The defects and faults of ‘Paradise Lost’—for faults and defects every work of man must have—it is the business of impartial criticism to discover. As in displaying the excellence of Milton I have not made long quotations, because of selecting beauties there had been no end, I shall in the same general manner mention that which seems to deserve censure; for what Englishman can take delight in transcribing passages which, if they lessen the reputation of Milton, diminish in some degree the honor of our country?  20
  The generality of my scheme does not admit the frequent notice of verbal inaccuracies: which Bentley, perhaps better skilled in grammar than poetry, has often found,—though he sometimes made them,—and which he imputed to the obtrusions of a reviser whom the author’s blindness obliged him to employ; a supposition rash and groundless if he thought it true, and vile and pernicious if—as is said—he in private allowed it to be false.  21
  The plan of ‘Paradise Lost’ has this inconvenience, that it comprises neither human actions nor human manners. The man and woman who act and suffer are in a state which no other man or woman can ever know. The reader finds no transaction in which he can be engaged, beholds no condition in which he can by any effort of imagination place himself; he has therefore little natural curiosity or sympathy.  22
  We all indeed feel the effects of Adam’s disobedience; we all sin like Adam, and like him must all bewail our offenses; we have restless and insidious enemies in the fallen angels, and in the blessed spirits we have guardians and friends; in the redemption of mankind we hope to be included; in the description of heaven and hell we are surely interested, as we are all to reside hereafter either in the regions of horror or bliss.  23
  But these truths are too important to be new: they have been taught to our infancy; they have mingled with our solitary thoughts and familiar conversations, and are habitually interwoven with the whole texture of life. Being therefore not new, they raise no unaccustomed emotion in the mind; what we knew before, we cannot learn; what is not unexpected, cannot surprise.  24
  Of the ideas suggested by these awful scenes, from some we recede with reverence, except when stated hours require their association; and from others we shrink with horror, or admit them only as salutary inflictions, as counterpoises to our interests and passions. Such images rather obstruct the career of fancy than incite it.  25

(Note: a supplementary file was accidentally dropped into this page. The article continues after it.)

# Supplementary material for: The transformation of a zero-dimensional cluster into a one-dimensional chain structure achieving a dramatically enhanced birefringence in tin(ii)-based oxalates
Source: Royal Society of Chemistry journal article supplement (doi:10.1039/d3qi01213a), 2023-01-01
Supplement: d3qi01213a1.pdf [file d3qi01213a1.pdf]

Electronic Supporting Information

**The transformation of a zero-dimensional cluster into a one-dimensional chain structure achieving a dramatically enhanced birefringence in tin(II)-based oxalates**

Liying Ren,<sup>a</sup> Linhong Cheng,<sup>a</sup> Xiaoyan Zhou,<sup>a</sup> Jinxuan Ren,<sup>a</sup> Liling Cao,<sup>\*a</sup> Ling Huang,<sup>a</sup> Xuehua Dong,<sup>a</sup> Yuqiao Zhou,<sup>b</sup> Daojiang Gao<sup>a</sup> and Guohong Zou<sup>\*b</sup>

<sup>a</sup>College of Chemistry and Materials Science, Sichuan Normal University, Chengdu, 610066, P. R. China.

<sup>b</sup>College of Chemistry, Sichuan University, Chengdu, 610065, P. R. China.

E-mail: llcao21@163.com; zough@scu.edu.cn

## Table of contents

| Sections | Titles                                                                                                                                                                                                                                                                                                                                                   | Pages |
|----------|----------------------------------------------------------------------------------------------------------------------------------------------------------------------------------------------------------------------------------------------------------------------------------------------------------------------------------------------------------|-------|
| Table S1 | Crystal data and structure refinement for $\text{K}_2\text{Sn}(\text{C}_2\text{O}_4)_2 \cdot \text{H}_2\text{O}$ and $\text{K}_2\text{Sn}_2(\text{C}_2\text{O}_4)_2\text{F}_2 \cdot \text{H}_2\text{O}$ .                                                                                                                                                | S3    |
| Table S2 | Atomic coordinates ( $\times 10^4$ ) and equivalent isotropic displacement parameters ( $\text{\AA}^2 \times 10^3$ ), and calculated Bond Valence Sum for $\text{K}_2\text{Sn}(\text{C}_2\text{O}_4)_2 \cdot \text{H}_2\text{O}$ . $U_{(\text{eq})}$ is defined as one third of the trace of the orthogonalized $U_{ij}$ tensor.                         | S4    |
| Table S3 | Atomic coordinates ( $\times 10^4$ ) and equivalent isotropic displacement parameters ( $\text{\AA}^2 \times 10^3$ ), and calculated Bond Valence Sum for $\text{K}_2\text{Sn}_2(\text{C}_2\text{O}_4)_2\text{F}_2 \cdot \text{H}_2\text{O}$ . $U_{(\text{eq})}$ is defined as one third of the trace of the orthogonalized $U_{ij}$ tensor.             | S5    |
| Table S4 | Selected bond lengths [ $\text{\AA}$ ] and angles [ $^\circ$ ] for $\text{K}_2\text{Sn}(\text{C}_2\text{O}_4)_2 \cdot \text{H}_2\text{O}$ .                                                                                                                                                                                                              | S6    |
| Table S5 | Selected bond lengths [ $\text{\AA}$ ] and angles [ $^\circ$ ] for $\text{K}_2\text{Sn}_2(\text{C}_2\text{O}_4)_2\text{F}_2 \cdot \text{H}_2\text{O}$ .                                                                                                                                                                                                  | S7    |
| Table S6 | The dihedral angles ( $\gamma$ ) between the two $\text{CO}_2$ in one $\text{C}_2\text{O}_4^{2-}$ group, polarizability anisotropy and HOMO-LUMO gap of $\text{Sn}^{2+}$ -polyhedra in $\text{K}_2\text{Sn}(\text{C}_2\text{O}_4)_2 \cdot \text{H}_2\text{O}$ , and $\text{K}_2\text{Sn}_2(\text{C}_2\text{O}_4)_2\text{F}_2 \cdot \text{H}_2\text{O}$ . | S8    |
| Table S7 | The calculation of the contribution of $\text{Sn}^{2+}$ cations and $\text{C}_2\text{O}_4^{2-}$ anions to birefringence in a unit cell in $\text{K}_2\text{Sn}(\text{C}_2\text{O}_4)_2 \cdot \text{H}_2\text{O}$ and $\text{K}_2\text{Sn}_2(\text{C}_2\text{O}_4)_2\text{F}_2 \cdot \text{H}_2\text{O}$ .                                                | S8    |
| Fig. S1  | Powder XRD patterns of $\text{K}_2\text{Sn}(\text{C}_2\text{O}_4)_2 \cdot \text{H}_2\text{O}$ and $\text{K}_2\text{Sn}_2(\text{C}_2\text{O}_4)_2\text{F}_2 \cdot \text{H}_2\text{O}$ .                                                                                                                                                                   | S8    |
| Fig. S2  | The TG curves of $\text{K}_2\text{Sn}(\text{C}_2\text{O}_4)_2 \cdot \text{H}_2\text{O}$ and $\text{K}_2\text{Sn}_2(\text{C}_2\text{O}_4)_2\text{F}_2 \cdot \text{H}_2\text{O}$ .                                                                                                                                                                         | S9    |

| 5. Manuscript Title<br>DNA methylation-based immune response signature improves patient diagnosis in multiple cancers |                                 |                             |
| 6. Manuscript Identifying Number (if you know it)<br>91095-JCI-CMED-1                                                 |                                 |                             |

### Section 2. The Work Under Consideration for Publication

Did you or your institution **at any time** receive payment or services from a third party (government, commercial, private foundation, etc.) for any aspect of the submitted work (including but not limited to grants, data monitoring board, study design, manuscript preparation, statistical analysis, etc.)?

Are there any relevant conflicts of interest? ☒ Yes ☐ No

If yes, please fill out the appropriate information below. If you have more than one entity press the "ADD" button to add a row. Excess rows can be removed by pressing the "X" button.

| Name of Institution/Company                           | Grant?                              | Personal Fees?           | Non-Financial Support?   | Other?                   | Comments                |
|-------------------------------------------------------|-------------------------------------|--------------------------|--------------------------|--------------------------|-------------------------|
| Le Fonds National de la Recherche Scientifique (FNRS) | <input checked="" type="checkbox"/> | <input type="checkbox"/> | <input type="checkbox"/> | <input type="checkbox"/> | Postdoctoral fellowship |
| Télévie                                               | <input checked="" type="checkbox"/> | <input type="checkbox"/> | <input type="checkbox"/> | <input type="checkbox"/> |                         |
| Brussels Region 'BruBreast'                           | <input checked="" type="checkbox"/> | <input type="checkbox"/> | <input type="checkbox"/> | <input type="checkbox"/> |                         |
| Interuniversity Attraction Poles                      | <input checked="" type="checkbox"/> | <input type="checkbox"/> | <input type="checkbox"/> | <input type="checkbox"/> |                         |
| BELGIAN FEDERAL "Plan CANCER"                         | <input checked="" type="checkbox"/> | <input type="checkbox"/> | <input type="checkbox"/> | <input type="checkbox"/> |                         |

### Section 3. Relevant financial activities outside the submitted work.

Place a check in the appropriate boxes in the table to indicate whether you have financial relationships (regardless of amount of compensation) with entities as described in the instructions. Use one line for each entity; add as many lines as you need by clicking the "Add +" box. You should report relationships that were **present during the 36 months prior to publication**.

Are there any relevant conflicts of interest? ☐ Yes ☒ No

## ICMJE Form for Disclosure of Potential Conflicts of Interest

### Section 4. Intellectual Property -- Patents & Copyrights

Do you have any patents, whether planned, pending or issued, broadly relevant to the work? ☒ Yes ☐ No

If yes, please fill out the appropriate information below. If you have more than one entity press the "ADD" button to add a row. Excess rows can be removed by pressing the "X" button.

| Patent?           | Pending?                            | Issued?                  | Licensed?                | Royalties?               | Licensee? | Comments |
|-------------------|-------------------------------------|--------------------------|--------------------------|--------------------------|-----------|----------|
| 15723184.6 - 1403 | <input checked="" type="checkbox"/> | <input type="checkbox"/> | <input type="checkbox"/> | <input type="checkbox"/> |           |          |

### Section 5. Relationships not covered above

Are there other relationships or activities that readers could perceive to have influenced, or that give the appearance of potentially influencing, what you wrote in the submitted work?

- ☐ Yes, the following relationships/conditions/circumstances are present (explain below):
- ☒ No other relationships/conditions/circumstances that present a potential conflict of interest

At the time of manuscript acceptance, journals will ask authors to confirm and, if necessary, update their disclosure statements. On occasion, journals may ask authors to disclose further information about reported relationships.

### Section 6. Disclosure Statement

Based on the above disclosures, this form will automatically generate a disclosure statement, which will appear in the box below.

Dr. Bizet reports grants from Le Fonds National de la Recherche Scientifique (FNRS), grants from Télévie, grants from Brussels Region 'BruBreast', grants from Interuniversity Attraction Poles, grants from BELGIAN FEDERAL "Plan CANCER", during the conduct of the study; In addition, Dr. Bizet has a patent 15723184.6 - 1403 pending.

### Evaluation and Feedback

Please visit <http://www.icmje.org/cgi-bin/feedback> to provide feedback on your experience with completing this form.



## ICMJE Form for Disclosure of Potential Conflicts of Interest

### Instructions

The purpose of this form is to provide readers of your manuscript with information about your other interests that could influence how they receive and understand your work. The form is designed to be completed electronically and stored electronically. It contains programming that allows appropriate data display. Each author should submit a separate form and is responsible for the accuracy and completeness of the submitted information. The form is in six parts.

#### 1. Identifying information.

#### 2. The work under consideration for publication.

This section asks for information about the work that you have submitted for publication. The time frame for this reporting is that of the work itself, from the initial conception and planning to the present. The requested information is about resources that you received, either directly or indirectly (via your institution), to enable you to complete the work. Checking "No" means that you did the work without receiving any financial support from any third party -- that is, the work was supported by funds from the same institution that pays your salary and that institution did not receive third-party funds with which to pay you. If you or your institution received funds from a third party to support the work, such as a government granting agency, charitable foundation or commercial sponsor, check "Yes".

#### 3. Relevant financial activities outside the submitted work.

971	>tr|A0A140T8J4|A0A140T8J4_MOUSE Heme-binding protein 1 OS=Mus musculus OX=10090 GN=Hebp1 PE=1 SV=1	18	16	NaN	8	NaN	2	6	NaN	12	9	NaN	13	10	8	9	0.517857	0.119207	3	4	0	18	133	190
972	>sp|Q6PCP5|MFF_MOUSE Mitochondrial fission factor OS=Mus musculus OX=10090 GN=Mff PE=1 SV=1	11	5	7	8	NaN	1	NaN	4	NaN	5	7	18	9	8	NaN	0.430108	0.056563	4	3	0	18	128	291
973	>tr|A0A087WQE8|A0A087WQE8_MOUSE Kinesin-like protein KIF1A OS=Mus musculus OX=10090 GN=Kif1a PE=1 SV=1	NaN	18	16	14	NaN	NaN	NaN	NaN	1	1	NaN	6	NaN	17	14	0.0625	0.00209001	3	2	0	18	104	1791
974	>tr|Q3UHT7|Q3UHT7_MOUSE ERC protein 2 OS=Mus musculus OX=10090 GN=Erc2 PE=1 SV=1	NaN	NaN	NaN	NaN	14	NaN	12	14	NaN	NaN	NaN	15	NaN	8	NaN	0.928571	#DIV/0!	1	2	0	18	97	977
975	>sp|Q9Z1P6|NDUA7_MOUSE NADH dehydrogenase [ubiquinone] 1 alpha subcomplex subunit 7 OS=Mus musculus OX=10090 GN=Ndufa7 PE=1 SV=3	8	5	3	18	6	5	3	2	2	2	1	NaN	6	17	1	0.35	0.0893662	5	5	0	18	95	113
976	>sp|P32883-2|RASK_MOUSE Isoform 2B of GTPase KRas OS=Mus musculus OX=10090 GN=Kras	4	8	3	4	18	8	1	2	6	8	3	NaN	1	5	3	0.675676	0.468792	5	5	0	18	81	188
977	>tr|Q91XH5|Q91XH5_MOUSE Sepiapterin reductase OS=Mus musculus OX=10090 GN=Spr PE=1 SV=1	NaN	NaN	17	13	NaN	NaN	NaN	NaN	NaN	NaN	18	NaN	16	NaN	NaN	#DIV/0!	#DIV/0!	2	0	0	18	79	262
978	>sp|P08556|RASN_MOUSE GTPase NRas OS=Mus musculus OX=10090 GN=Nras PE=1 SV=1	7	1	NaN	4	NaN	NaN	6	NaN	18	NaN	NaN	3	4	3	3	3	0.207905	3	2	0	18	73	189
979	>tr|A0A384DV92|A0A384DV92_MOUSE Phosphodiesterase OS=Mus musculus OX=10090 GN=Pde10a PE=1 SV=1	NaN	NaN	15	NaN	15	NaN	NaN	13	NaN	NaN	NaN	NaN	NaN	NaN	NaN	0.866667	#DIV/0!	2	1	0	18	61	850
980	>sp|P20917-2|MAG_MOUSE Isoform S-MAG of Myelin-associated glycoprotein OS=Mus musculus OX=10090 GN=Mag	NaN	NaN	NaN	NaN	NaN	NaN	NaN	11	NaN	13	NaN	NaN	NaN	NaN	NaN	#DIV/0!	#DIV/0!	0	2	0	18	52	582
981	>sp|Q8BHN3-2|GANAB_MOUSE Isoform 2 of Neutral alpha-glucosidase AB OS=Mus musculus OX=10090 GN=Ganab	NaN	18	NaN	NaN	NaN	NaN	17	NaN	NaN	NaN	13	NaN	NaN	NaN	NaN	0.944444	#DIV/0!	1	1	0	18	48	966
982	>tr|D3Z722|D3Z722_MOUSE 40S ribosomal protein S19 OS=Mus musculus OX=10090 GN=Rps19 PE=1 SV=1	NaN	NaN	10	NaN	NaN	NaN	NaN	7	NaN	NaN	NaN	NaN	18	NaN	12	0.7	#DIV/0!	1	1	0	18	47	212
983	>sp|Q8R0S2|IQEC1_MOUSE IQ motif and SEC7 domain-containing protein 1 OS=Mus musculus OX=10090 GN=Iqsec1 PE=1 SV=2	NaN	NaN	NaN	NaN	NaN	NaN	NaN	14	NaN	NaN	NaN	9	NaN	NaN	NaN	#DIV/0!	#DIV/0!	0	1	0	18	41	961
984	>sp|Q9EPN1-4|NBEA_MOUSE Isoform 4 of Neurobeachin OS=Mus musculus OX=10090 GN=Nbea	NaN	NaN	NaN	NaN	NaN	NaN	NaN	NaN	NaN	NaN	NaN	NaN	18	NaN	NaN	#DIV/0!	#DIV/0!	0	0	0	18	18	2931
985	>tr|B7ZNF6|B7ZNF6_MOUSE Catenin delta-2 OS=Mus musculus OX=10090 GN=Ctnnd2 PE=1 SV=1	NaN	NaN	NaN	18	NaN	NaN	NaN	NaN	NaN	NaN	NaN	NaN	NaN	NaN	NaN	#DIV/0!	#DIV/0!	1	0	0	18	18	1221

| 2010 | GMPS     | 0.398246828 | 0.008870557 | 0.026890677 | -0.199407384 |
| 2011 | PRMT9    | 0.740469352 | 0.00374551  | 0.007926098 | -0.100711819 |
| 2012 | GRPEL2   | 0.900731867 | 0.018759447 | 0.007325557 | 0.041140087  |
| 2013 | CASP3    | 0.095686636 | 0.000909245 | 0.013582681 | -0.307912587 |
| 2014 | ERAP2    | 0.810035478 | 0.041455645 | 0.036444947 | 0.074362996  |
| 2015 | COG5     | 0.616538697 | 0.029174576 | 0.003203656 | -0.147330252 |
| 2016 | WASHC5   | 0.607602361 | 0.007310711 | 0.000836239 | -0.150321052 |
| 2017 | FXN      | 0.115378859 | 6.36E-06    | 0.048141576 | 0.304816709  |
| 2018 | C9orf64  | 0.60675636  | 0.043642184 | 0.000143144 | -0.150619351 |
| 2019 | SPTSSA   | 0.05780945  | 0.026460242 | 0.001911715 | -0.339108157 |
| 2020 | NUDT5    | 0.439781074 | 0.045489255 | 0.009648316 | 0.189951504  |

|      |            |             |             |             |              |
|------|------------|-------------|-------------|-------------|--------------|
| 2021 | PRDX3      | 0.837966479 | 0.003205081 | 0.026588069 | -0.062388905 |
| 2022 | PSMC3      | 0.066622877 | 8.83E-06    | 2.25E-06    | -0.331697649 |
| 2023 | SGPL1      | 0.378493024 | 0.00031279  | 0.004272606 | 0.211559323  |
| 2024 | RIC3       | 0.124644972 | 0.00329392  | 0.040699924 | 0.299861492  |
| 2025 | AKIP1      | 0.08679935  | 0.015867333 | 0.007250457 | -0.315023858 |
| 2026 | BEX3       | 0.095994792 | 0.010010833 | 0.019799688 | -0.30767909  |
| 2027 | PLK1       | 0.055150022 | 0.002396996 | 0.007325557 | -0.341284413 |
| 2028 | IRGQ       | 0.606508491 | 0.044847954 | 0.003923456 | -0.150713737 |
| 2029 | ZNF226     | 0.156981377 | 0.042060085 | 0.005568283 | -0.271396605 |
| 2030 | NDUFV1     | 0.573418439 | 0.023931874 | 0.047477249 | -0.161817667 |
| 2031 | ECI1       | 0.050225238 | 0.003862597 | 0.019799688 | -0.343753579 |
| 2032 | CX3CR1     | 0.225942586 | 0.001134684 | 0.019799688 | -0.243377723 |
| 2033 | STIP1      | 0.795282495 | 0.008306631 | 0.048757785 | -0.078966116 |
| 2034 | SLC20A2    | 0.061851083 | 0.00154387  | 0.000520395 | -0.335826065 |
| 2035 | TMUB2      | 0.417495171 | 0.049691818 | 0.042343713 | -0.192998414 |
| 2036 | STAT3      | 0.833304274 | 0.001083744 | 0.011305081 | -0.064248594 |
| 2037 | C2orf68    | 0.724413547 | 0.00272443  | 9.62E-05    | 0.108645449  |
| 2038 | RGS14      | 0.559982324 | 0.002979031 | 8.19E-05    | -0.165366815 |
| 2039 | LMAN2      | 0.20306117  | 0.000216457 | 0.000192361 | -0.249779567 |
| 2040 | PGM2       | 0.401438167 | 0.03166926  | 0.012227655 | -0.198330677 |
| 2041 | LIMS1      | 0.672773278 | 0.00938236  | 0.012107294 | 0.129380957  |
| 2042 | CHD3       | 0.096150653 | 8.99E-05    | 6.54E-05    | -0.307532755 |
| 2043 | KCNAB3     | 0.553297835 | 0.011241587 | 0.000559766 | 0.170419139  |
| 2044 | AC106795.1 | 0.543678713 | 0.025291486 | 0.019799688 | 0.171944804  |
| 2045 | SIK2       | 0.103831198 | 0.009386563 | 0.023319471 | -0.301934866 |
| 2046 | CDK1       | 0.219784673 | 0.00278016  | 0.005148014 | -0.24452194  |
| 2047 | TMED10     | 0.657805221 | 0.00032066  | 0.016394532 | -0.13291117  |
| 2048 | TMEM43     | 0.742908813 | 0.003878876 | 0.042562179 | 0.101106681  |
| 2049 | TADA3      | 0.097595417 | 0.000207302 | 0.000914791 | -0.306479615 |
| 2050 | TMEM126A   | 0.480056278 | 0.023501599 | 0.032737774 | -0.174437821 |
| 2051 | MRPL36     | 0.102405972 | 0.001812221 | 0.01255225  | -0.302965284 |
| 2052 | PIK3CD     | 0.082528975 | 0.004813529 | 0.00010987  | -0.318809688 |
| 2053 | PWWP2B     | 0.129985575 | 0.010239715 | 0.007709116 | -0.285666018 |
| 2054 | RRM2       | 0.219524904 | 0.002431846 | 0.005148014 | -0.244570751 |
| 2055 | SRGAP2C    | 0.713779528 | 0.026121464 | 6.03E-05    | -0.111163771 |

Pleasure and terror are indeed the genuine sources of poetry; but poetical pleasure must be such as human imagination can at least conceive, and poetical terrors such as human strength and fortitude may combat. The good and evil of eternity are too ponderous for the wings of wit; the mind sinks under them in passive helplessness, content with calm belief and humble adoration.  26
  Known truths, however, may take a different appearance, and be conveyed to the mind by a new train of intermediate images. This Milton has undertaken and performed with pregnancy and vigor of mind peculiar to himself. Whoever considers the few radical positions which the Scriptures afforded him, will wonder by what energetic operation he expanded them to such extent, and ramified them to so much variety, restrained as he was by religious reverence from licentiousness of fiction.  27
  Here is a full display of the united force of study and genius,—of a great accumulation of materials, with judgment to digest and fancy to combine them: Milton was able to select from nature or from story, from an ancient fable or from modern science, whatever could illustrate or adorn his thoughts. An accumulation of knowledge impregnated his mind, fermented by study and exalted by imagination.  28
  It has been therefore said, without an indecent hyperbole, by one of his encomiasts, that in reading ‘Paradise Lost’ we read a book of universal knowledge.  29
  But original deficiency cannot be supplied. The want of human interest is always felt. ‘Paradise Lost’ is one of the books which the reader admires and lays down, and forgets to take up again. None ever wished it longer than it is. Its perusal is a duty rather than a pleasure. We read Milton for instruction, retire harassed and overburdened, and look elsewhere for recreation; we desert our master, and seek for companions.  30
  Another inconvenience of Milton’s design is, that it requires the description of what cannot be described, the agency of spirits. He saw that immateriality supplied no images, and that he could not show angels acting but by instruments of action; he therefore invested them with form and matter. This being necessary, was therefore defensible; and he should have secured the consistency of his system by keeping immateriality out of sight, and enticing his reader to drop it from his thoughts. But he has unhappily perplexed his poetry with his philosophy. His infernal and celestial powers are sometimes pure spirit, and sometimes animated body. When Satan walks with his lance upon the “burning marl,” he has a body; when, in his passage between hell and the new world, he is in danger of sinking in the vacuity, and is supported by a gust of rising vapors, he has a body; when he animates the toad, he seems to be mere spirit, that can penetrate matter at pleasure; when he “starts up in his own shape,” he has at least a determined form; and when he is brought before Gabriel, he has “a spear and a shield,” which he had the power of hiding in the toad, though the arms of the contending angels are evidently material.  31